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George Orwell's Animal Farm contains the following passage in chapter 3:

When asked whether he was not happier now that Jones was gone, he would say only “Donkeys live a long time. None of you has ever seen a dead donkey,” and the others had to be content with this cryptic answer.

Why does Benjamin give this cryptic answer? What is the meaning of it?

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While the narration claims this is a cryptic answer, it is more in the sense of being cryptic to the other animals than to the reader. Benjamin is the oldest animal and the reader can intuit from this that he has seen a lot of events on the farm that the other animals have not.

This is the meaning of "Donkeys live a long time". "None of you has ever seen a dead donkey," had a twofold meaning: in the first instance, it supports the original statement that donkeys are long-lived and in the second it implies that they are hardy and will survive and endure no matter what privations are inflicted on them.

The key to understanding what Benjamin is implying here is to situation the quote in the context of what he's being asked: is he happier now that Jones has gone? By refusing to answer in the positive, we can understand that he is not. By his statement about his long life, he is implying that he has seen other attempts at bettering the working life on animals on the farm and that they have not succeeded. By then stating his endurance he is, in fact, suggesting it will likely do more harm than good.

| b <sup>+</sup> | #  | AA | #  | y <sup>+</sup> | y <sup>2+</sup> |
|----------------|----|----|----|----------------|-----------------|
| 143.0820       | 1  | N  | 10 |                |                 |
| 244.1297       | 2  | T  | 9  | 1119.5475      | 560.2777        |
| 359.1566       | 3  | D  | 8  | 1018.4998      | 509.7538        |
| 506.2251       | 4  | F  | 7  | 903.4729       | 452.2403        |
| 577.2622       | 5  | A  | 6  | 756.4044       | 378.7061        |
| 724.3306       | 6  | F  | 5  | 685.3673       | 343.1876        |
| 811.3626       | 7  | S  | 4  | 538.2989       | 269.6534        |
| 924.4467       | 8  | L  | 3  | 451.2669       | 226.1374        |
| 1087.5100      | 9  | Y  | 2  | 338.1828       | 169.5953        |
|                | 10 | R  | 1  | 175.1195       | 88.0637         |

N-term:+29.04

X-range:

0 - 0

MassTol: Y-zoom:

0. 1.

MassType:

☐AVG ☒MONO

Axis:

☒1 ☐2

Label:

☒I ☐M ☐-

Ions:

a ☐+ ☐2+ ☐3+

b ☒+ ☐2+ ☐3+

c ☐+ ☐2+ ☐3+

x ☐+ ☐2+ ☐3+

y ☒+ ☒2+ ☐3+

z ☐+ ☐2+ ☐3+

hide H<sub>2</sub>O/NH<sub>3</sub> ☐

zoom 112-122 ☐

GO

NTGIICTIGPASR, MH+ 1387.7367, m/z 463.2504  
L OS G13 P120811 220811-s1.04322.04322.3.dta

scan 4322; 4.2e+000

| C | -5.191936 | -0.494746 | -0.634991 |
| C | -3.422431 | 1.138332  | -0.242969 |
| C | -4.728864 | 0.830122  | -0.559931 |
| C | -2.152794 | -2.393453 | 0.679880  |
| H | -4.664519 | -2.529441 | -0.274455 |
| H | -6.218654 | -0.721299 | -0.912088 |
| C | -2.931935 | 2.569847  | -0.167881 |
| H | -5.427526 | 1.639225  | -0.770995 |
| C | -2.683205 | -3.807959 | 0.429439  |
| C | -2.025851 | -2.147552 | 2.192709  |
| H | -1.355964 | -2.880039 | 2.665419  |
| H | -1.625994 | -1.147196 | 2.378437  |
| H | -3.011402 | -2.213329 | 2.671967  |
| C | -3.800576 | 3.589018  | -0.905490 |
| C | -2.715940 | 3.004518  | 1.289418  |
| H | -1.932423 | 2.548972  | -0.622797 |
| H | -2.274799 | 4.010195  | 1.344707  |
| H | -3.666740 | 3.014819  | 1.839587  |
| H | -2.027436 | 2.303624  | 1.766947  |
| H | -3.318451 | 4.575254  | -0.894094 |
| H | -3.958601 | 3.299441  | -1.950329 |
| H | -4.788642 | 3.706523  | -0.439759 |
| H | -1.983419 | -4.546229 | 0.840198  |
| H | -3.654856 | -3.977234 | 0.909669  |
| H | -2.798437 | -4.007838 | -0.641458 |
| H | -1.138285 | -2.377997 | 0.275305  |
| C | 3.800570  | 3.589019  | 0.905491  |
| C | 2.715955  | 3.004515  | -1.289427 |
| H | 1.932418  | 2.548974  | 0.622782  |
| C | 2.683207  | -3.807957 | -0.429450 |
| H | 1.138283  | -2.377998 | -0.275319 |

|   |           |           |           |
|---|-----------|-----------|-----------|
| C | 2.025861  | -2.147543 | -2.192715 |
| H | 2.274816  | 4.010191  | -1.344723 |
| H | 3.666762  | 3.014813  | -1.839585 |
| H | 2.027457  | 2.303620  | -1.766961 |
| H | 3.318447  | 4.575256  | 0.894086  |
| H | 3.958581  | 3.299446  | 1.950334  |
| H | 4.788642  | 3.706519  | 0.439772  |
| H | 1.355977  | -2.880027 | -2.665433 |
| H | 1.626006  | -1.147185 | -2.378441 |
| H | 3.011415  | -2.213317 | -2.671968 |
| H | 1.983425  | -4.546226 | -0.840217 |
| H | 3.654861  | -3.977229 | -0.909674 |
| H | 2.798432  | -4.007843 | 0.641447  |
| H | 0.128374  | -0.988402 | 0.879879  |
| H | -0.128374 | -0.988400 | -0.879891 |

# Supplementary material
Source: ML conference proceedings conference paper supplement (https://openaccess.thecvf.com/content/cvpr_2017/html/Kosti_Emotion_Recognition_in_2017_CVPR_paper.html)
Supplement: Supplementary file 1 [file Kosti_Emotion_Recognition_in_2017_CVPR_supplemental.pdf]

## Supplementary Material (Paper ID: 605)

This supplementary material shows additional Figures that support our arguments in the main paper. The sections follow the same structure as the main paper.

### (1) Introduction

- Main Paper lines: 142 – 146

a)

Benjamin is a curious character in the novel because almost all the other characters either represent specific characters from Russian communism (i.e. Napoleon is Stalin), or a particular social class (i.e. Boxer is the working class). It is not entirely clear who Benjamin represents. His long memory of what has come before suggest he may represent the older people of Russia. His clear intelligence and critical attitude suggest he may be a member of the intelligentsia. He may also be a member of the middle classes, educated but not powerful or interested enough to engage with the revolution.

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  • Following on from your last paragraph, would you care to provide a better answer to this old question? Neither of the current answers are very good, IMHO. – Rand al'Thor Oct 1 at 11:29
  • @Randal'Thor Not sure I could, really. I could elaborate on the top-voted answer and perhaps jam in the odd reference, but that doesn't seem a very meaningful improvement. – Matt Thrower Oct 1 at 12:11
  • An answer with references would be a big improvement on the current top-voted answer which just says "most likely" without any explanation. – Rand al'Thor Oct 1 at 12:24
  • Could he be an author stand-in, the observer of all the messes? – Mike Oct 2 at 3:19

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